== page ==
This has mainly affected special need students in these systems which practice inclusion. When rules are further implemented, it becomes hard for disabled students to adhere to and incase no adjustments are made, this can ultimately affect the standards of learning among the special need students. The results may be dwarfism in education either in terms of skills or knowledge or both (National Center for Education Statistics, 2010).
Most researchers have given out different views concerning the idea on inclusive education system where other have observed that the system is so much demanding to school administration and the community at large (National Center for Education Statistics, 2010). Other researchers have observed an increase in school closure in the systems that embrace inclusion. This presents as one of the challenges of inclusive education system which has lately been perceived to be difficult to manage and run making many schools to shut down and students’ school dropouts (Delma, Selina & Dorothy, 2009).
A significant amount of resources is dedicated to field work and mainstreaming where normal students benefit more compared to rest of the disabled students. This presents a serious inequality in per student spending where resources are spent for functions that do not benefit the students with special needs (Kitmitto & Bandeira, 2008). However, this point has been argued by a number of observers who note that special needs students also require facilities and equipments not required by normal students. This observation seems to cancel out the point that more funds are spent on normal students.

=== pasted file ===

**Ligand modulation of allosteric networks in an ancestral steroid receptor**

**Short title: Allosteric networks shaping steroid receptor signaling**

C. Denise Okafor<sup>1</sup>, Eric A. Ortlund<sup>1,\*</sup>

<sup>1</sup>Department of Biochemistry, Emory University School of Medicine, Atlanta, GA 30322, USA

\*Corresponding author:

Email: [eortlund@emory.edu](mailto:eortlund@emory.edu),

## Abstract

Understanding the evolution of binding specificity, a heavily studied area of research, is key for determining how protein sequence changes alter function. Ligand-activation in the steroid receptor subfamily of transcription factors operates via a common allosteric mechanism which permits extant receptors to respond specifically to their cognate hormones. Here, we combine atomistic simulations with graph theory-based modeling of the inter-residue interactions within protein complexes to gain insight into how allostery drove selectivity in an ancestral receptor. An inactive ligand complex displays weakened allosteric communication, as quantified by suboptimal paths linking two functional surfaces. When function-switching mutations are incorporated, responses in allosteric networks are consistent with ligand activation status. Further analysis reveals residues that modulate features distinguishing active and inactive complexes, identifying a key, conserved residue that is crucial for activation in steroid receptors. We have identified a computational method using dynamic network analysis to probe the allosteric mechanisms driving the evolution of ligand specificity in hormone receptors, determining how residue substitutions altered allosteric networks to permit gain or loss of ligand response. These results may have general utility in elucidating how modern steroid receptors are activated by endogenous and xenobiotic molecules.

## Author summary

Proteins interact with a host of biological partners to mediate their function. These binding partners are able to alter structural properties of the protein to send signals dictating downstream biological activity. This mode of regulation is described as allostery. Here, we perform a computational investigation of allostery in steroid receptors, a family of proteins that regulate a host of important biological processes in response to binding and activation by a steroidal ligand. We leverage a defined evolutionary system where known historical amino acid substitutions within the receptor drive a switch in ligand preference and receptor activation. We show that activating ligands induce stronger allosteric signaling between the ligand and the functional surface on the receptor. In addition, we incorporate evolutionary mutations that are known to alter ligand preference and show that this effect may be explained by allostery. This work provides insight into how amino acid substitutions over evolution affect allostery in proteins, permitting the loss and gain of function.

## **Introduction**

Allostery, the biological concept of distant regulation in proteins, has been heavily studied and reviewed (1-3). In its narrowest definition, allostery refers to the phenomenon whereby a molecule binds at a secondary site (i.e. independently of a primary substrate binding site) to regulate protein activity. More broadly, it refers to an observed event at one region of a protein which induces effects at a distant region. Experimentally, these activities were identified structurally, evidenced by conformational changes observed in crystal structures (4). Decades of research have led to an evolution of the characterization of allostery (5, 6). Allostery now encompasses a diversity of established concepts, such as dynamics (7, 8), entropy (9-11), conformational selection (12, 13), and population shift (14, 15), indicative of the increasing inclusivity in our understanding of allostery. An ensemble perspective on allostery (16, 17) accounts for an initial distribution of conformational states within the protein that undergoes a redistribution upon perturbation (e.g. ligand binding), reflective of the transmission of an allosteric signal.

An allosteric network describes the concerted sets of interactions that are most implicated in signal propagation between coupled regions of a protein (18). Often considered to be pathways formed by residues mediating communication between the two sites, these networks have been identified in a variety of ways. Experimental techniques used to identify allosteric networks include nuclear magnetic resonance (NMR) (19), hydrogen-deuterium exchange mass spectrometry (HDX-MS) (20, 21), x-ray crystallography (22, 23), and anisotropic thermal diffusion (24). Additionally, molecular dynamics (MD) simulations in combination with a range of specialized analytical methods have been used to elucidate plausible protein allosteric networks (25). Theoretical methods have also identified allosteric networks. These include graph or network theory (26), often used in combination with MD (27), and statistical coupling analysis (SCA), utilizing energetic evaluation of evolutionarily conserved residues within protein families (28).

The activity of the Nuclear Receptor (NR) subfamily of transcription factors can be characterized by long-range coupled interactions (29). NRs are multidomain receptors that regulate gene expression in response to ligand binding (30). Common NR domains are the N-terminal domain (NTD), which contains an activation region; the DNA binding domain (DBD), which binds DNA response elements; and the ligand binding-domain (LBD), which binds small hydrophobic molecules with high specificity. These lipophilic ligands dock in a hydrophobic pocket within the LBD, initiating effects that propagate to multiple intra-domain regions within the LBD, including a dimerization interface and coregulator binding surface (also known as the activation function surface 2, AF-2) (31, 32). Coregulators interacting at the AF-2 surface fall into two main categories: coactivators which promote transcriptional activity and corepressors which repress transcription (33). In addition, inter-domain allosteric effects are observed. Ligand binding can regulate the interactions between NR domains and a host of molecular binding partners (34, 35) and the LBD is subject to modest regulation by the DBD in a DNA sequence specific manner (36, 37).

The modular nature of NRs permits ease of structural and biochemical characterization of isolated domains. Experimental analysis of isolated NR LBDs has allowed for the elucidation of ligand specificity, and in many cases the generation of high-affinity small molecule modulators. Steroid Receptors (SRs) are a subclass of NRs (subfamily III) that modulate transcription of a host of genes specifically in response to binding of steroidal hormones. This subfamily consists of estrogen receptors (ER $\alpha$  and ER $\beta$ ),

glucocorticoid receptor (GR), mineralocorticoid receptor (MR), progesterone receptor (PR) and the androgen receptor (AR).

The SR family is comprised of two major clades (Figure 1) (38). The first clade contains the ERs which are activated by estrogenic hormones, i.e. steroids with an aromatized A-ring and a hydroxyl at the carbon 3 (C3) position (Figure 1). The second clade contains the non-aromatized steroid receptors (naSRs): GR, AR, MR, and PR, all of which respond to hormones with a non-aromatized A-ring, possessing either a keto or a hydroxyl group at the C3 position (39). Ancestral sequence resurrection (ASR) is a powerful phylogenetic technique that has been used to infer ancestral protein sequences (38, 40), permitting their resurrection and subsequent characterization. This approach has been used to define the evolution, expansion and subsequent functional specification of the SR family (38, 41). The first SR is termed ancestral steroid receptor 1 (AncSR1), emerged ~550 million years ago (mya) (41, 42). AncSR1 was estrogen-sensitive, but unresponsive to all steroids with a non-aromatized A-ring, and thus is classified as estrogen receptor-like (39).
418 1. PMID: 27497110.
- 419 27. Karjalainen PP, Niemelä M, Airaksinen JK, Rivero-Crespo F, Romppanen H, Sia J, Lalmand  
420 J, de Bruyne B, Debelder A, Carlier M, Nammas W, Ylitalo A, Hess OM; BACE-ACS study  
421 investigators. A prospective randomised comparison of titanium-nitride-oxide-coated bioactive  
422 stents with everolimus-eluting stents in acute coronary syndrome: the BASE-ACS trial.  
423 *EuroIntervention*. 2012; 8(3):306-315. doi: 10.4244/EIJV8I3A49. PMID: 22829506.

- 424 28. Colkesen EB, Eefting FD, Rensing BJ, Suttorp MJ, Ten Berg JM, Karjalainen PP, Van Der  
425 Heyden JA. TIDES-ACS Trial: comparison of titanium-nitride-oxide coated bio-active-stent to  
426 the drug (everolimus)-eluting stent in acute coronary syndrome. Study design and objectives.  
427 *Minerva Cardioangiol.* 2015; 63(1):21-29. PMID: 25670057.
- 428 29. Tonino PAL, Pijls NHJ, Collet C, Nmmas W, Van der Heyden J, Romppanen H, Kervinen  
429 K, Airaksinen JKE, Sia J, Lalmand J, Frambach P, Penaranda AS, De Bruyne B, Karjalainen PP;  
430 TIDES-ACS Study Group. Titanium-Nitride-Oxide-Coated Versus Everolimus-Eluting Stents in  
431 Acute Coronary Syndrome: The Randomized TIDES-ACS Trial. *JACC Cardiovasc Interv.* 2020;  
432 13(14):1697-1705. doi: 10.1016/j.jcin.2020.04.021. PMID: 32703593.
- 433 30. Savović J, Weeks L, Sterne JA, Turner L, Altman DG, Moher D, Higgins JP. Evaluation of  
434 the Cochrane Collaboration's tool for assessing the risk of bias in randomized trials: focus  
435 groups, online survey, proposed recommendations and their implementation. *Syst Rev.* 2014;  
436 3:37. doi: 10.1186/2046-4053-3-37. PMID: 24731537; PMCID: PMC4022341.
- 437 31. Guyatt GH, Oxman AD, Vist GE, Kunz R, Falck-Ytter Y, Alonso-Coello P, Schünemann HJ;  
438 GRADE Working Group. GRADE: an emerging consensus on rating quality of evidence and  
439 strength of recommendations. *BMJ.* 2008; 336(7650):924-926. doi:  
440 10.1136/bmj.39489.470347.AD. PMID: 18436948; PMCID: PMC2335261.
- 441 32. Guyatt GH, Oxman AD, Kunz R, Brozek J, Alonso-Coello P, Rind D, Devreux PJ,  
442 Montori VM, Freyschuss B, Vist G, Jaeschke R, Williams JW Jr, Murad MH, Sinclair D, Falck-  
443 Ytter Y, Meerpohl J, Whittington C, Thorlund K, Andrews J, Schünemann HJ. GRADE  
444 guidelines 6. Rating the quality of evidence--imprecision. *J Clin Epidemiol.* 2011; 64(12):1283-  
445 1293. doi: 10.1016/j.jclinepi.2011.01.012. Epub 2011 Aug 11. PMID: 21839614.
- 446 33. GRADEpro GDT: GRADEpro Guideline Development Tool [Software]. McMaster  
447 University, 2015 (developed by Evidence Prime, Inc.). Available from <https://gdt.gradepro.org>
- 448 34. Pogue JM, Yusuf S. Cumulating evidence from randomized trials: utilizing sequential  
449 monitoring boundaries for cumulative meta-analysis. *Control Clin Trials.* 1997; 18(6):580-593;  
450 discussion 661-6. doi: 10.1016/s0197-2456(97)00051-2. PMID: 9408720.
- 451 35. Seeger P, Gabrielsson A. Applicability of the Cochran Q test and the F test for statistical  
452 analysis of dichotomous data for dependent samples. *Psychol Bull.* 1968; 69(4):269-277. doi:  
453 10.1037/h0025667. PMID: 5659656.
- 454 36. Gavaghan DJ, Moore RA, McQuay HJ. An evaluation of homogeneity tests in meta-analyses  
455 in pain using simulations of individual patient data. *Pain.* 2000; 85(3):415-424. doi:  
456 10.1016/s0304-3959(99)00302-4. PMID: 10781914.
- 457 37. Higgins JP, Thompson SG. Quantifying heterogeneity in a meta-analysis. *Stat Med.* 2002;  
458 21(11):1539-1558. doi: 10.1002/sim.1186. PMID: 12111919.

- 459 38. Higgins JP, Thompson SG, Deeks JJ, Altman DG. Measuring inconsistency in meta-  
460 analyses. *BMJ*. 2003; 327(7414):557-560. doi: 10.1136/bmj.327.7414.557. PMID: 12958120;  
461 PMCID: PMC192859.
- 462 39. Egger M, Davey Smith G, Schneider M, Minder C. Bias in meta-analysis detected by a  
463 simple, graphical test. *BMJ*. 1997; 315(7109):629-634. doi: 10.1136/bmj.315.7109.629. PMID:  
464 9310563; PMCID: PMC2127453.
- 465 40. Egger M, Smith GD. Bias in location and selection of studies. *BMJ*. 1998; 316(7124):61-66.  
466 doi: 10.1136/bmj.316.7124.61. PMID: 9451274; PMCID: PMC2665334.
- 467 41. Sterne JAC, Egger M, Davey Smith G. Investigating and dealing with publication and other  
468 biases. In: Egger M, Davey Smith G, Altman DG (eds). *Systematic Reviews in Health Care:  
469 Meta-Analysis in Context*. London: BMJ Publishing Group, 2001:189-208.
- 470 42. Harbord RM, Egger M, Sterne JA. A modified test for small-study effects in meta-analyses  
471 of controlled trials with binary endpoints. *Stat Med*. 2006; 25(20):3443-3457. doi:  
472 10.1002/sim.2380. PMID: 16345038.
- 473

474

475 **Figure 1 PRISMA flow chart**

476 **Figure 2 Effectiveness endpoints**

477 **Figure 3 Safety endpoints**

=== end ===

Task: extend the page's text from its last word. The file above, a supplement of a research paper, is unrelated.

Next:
This controversy has resulted to the formation of ripples in a legal system of education (Kitmitto & Bandeira, 2008). More serious problem is when some groups believes that some students are not worth to be put in regular classroom to study thus resulting to streaming in school communities. Conclusion In conclusion, inclusive education system is slowly becoming forgotten in most schools despite its importance among both normal and disabled students. It has many several benefits as opposed to other educational system which do not combine disabled students with the normal ones.